Hamburgers, Coffee, Guitars, and Cars: A Report from Lemnos Labs
Maybe your fallback plan in case your Silicon Valley startup goes bust was flipping burgers at McDonald’s? Well, you might want to rethink that. Even this classic refuge for low-skilled workers is about to be taken over by robots, if Momentum Machines has its way.
Momentum is one of four startups emerging this summer from Lemnos Labs, a new accelerator for hardware companies in San Francisco. At the Lemnos demo day on June 6, Momentum showed off its prototype hamburger-making robot, which is expressly designed to displace two to three full-time kitchen workers, thus saving fast-food companies up to $90,000 per franchise per year, or $9 billion nationwide. In a matter of minutes, the machine can grill a beef patty, layer it with lettuce, tomatoes, pickles, and onions, marry it with a bun, and wrap it up to go. (I saw it with my own eyes.)
“Our device isn’t meant to make employees more efficient,” said co-founder Alexandros Vardakostas. “It’s meant to completely obviate them.”
At Lemnos Labs, the rapid-iteration, rapid-growth, conquer-the-world mindset typical of Silicon Valley software startups is meeting the world of hardware. You might not think that the startup accelerator model that’s been so successful for Web and mobile startups like Airbnb, Dropbox, or Heroku is applicable to the world of actual machines, which are, after all, a little harder to revise than products made from pure code. But you’d be wrong. After a 14-week course of business training and product development, the four inaugural Lemnos Labs startups shared pitches worthy of any startup at Y Combinator, TechStars, or 500 Startups.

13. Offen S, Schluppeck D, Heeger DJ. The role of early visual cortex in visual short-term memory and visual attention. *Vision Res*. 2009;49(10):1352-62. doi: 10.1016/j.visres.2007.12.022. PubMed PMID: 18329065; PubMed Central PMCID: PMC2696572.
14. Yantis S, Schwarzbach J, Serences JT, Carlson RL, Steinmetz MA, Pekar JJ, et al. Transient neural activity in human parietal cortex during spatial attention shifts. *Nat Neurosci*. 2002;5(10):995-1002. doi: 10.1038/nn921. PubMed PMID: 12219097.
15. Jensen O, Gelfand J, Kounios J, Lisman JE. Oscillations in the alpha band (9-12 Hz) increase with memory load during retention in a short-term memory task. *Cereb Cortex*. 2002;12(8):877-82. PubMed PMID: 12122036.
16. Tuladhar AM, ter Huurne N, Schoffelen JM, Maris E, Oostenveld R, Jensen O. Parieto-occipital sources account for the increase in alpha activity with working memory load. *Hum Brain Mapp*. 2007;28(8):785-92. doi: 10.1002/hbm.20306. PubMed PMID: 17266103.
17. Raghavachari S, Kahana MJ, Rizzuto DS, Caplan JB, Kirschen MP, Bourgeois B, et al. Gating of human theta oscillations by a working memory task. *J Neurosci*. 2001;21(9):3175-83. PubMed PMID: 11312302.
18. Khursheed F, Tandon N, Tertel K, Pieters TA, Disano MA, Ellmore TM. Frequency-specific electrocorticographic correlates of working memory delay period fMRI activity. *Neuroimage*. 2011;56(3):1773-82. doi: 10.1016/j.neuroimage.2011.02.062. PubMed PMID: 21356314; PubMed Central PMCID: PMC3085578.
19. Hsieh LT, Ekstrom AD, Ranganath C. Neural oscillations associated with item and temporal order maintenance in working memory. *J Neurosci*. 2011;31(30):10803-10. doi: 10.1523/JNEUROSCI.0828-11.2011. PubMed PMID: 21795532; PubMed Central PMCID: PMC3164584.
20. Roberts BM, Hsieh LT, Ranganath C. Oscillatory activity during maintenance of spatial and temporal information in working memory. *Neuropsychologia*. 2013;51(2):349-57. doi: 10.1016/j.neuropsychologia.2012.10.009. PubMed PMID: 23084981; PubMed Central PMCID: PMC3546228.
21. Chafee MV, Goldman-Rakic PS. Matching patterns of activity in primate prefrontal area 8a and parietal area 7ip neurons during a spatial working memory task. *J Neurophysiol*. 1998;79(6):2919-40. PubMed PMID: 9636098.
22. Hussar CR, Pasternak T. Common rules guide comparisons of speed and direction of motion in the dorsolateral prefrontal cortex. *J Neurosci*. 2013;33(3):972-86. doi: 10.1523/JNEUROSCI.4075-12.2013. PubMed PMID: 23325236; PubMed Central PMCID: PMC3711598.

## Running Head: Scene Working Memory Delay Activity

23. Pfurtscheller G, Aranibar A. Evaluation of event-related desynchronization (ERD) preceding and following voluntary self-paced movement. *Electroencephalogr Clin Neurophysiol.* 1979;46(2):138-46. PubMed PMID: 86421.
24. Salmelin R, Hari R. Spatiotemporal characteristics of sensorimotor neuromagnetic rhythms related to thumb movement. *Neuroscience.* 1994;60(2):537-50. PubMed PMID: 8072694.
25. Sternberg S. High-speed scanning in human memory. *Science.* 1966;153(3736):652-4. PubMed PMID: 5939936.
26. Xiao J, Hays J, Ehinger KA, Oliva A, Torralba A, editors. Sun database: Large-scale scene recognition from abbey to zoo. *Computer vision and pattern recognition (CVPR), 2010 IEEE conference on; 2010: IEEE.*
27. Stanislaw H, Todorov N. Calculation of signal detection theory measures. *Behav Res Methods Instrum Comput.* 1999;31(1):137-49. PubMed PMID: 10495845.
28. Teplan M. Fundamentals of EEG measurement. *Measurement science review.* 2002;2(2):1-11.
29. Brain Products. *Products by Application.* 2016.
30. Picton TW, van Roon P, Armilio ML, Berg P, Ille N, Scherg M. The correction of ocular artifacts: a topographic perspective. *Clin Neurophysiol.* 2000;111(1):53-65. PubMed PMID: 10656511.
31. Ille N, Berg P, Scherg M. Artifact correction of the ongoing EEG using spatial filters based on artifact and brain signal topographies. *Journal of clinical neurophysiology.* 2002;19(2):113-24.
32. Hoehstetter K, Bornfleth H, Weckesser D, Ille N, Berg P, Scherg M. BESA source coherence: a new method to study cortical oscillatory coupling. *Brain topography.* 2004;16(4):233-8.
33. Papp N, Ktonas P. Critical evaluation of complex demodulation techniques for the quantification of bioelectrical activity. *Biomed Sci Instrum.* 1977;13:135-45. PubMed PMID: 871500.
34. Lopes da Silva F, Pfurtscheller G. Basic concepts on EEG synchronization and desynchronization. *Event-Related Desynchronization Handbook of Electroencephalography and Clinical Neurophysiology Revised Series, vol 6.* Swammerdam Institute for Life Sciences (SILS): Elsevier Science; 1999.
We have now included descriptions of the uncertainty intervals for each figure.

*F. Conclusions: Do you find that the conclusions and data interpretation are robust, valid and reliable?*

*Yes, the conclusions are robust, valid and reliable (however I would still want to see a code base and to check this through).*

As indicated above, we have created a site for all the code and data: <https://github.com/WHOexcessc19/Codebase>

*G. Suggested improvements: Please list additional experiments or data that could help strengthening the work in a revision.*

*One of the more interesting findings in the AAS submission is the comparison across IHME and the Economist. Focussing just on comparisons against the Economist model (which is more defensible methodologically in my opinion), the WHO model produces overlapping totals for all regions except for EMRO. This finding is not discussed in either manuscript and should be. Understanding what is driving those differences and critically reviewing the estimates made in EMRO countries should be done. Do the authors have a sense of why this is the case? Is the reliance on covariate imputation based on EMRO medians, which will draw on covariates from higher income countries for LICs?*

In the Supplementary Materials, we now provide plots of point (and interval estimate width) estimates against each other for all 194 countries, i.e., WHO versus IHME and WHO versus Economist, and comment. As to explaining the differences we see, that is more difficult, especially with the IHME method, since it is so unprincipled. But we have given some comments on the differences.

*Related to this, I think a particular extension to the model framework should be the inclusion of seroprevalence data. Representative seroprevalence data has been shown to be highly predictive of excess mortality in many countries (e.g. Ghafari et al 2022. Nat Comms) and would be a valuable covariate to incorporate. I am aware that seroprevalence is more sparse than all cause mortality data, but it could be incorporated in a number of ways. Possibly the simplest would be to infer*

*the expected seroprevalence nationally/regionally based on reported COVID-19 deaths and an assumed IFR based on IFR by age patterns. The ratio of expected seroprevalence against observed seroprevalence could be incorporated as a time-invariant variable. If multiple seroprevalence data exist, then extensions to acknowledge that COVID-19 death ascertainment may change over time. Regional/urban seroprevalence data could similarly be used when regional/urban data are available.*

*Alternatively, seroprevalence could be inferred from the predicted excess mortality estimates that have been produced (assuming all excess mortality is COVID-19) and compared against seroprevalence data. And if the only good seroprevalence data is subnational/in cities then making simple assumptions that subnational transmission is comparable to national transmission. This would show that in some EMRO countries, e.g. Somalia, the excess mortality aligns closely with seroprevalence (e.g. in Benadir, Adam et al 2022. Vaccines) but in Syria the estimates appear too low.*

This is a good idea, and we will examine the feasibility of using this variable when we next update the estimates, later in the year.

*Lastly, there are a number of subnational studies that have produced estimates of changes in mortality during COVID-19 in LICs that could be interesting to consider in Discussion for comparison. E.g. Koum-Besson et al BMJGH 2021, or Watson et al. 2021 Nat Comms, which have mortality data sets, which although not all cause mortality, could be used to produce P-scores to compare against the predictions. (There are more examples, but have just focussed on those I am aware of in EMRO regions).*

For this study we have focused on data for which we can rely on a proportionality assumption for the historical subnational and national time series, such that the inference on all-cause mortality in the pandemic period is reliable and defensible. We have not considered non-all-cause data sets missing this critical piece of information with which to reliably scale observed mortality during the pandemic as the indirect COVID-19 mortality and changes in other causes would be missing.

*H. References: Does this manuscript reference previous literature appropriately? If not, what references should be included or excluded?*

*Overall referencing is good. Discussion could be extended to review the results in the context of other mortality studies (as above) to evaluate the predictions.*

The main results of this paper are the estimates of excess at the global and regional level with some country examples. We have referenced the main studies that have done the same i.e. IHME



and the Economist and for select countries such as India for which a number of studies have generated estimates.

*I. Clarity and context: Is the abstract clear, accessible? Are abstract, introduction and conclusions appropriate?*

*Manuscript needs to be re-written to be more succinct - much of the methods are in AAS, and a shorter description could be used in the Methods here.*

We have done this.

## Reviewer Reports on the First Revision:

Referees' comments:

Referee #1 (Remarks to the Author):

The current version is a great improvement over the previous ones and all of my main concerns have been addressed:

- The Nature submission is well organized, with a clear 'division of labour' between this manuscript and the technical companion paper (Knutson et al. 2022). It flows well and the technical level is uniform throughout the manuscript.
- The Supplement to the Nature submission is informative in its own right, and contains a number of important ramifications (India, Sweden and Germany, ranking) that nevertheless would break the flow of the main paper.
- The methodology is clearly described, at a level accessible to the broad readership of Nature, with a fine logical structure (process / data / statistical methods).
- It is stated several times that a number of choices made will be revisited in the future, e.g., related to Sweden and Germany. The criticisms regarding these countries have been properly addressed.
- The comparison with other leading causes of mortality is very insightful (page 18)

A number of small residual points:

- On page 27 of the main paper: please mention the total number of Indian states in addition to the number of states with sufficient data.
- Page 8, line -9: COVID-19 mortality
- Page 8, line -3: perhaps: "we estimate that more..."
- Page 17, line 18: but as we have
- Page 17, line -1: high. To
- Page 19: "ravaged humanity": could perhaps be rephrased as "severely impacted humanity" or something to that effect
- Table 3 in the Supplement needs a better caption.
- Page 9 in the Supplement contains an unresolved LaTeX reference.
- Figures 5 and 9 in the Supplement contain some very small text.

In addition to restaurant automation, the Lemnos companies are exploring areas like street-legal electric shuttles for corporate campuses (Local Motion), a new generation of electric guitars that take advantage of the smartphone revolution (Unplugged Instruments), and helping baristas brew the perfect cup of coffee (Blossom Coffee). Along with their peers at other specialized accelerators, such as Rock Health, Greenstart, and Media Camp, these entrepreneurs are trying to prove that a rapid-iteration mindset and a focus on customer needs can help almost any kind of technology startup get off the ground.
“Silicon Valley has gone through waves of innovation, and we really think hardware is the next one,” says Jeremy Conrad, an MIT mechanical engineering graduate who co-founded Lemnos Labs last year with fellow MIT alum Helen Zelman. Conrad, a former Air Force officer, cites a range of trends to support his belief, include the falling cost of electronic components and rapid prototyping tools. “Capabilities like 3D printing that used to take an entire Fortune-500-company lab and tens of thousands of dollars of equipment, we can now have in our garages,” he says.
Lemnos occupies its own garage on Bluxome Street, a wide alley between Townsend and Brannan Streets in San Francisco’s SoMa area. It’s outfitted with a variety of machine tools and industrial equipment—but for much of their more challenging prototyping work, startups can simply decamp to TechShop, the high-tech workshop about five blocks away. Companies admitted to the program receive $50,000 in return for … Next Page »
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